Anti-diversity memo by Google engineer sparks gender row
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Google executives have spoken out against an internal memo written by a Google engineer which criticises the company’s progressive ethos and drive for diversity, arguing that women engineers are not as biologically capable as their male colleagues.
The 10-page memo, “Google’s Ideological Echo Chamber”, was written by an anonymous engineer based at Google’s Mountain View campus in California. It was leaked to the public by Motherboard, Vice Magazine’s online tech news area.
“Google’s left bias has created a politically correct monoculture that maintains its hold by shaming dissenters into silence,” the engineer wrote. “This silence removes any checks against encroaching extremist and authoritarian policies.”
The author argues in the memo that many of the differences between men and women – such as levels of neuroticism and ability to perform logical tasks such as coding – are biological, rather than socially constructed.
“Differences in distributions of traits between men and women may in part explain why we don’t have 50 per cent representation of women in tech and leadership. Discrimination to reach equal representation is unfair, divisive and bad for business,” the author wrote.
According to a diversity report recently released by Google, just 20 per cent of its technical staff are women.
The author suggests that to break down this “echo chamber” Google must “de-moralise diversity” and “de-emphasise empathy”, among other actions.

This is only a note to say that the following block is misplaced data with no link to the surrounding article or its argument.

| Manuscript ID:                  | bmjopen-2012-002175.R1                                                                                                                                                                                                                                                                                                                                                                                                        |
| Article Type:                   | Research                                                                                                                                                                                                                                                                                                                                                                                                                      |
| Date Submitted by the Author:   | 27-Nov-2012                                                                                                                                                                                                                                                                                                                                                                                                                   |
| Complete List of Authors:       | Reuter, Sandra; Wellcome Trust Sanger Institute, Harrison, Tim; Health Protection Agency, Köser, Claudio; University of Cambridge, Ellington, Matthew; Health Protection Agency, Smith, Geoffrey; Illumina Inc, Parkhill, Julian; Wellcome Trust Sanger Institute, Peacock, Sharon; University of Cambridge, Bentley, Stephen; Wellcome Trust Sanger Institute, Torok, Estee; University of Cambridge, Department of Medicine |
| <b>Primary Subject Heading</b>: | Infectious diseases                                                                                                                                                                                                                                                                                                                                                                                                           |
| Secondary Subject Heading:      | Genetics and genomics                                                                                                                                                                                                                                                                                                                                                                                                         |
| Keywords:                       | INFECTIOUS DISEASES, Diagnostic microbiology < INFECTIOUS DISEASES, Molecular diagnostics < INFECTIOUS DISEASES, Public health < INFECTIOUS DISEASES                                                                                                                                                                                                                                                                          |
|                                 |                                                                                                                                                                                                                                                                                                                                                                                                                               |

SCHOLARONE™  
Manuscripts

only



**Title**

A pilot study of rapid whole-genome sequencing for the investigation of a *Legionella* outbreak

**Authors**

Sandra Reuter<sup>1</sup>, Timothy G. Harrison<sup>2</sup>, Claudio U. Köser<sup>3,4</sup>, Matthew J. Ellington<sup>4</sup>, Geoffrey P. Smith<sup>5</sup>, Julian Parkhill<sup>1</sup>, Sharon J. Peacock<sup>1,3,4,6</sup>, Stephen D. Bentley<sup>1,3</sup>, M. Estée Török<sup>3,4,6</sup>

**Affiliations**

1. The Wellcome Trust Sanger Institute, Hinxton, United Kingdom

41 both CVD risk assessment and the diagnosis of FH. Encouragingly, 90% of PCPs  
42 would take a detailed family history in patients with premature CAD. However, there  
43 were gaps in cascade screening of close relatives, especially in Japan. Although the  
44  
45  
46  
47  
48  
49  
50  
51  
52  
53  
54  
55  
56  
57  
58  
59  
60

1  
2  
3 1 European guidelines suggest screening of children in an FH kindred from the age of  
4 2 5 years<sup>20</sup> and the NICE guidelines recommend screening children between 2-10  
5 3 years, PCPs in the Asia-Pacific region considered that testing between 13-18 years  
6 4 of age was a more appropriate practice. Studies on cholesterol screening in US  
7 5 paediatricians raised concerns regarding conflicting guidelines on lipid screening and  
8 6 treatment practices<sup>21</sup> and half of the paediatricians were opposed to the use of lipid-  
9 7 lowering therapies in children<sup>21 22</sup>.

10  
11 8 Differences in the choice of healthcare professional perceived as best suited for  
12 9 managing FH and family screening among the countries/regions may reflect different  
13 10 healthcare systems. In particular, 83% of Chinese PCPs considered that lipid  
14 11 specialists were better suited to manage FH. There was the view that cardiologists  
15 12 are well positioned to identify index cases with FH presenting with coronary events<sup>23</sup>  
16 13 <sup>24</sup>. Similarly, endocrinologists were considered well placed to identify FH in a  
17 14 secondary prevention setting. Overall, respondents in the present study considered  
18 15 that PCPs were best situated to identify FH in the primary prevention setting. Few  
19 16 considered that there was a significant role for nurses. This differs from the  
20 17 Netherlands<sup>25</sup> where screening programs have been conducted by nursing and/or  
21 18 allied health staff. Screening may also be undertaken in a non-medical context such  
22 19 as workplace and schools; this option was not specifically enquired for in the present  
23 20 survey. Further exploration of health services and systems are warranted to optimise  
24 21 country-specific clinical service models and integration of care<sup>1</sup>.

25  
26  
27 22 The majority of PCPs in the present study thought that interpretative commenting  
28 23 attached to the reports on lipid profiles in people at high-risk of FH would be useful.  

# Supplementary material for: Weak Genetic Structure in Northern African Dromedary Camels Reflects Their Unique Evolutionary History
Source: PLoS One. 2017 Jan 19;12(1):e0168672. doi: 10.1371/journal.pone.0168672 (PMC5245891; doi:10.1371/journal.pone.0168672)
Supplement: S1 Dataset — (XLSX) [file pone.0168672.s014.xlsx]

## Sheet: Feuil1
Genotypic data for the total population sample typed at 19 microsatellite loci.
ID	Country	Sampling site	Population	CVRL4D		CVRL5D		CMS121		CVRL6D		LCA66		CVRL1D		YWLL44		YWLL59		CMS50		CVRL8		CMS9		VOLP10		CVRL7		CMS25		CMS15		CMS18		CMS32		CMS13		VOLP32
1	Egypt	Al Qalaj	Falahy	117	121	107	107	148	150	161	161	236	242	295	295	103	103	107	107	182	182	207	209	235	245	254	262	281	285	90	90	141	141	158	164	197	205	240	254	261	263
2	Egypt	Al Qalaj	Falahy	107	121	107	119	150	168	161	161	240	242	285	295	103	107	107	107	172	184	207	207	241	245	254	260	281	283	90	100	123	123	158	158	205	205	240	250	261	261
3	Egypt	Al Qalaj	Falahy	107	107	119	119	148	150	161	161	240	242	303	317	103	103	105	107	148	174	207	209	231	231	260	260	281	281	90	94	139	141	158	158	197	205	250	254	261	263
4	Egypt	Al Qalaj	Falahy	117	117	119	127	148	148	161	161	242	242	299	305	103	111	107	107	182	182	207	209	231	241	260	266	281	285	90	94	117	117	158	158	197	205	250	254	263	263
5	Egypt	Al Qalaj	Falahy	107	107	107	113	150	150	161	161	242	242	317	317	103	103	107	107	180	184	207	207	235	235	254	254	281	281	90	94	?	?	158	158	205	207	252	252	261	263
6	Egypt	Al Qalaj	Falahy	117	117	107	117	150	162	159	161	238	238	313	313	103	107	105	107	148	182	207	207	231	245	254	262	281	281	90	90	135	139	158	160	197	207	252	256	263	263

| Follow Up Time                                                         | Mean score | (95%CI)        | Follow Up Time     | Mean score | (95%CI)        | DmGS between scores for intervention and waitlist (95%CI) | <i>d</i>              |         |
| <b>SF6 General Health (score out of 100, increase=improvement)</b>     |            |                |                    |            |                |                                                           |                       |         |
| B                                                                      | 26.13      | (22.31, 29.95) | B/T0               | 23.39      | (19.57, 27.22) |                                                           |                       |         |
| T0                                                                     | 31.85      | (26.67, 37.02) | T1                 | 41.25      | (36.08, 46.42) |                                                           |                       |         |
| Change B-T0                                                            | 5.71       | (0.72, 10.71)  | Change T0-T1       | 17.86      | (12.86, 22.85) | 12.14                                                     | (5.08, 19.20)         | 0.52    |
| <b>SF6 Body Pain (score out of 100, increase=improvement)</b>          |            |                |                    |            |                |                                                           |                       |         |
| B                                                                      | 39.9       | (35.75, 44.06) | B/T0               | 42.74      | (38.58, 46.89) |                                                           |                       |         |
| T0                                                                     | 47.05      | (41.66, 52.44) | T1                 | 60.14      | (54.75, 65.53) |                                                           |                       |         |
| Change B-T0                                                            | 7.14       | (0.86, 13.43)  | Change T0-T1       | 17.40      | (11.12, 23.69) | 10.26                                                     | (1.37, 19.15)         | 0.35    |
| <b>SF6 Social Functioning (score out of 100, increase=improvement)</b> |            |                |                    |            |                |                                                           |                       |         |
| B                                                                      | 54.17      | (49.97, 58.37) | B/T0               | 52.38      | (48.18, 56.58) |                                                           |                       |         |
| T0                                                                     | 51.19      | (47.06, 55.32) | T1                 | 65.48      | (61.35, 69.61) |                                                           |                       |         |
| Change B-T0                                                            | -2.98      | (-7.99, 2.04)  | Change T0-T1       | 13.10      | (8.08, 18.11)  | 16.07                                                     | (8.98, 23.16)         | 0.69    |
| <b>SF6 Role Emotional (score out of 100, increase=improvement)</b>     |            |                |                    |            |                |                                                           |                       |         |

In response to the memo, Danielle Brown, Google’s recently appointed vice president for diversity, integrity and governance, issued a statement criticising the author’s statements about gender differences and welcoming the expression of different opinions.
“I found that [the memo] advanced incorrect assumptions about gender. I’m not going to link to it here as it’s not a viewpoint that I or this company endorses, promotes or encourages […] we are unequivocal in our belief that diversity and inclusion are critical to our success as a company and we’ll continue to stand for that and be committed to it for the long haul.”
“Part of building an open, inclusive environment means fostering a culture in which those with alternative views, including different political views, feel safe sharing their opinions,” she wrote.
“But that discourse needs to work alongside the principles of equal employment.”
Aristotle Balogh, the company’s vice president for engineering, wrote an internal post which stated that “stereotyping and harmful assumptions” were not welcome in the company’s culture.
Alongside the criticism for its lazy stereotyping of male and female characteristics, the memo has also provoked some debate about the limits of free speech in the workplace. According to Motherboard, Blind - an app which allows employees to anonymously discuss corporate issues with other employees - hosted many messages of support for the memo’s author.
One Google employee described the reaction to the memo as “actually terrifying”, writing that “if someone is not ideologically aligned with the majority then he’s labelled as a ‘poor cultural fit’ and would not be hired/promoted”. Another comment wrote that the author was “extremely brave” and “we need more people standing up against the insanity” to prevent the “ruin” of Google.
Other commentators, however, supported Ms Brown and Mr Balogh in their criticism of the memo, with one writing that “the author is an idiot, grasping at pseudoscience to justify sexism”.
The memo and its fallout comprises another episode in the long-running debate over the treatment of women in Silicon Valley, where claims of systematic discrimination, macho work culture and sexual harassment are frequent and widespread.
Google is currently being investigated by the US Department of Labor [sic], which has found that the company routinely pays women less than male colleagues in similar roles. Google denies these charges.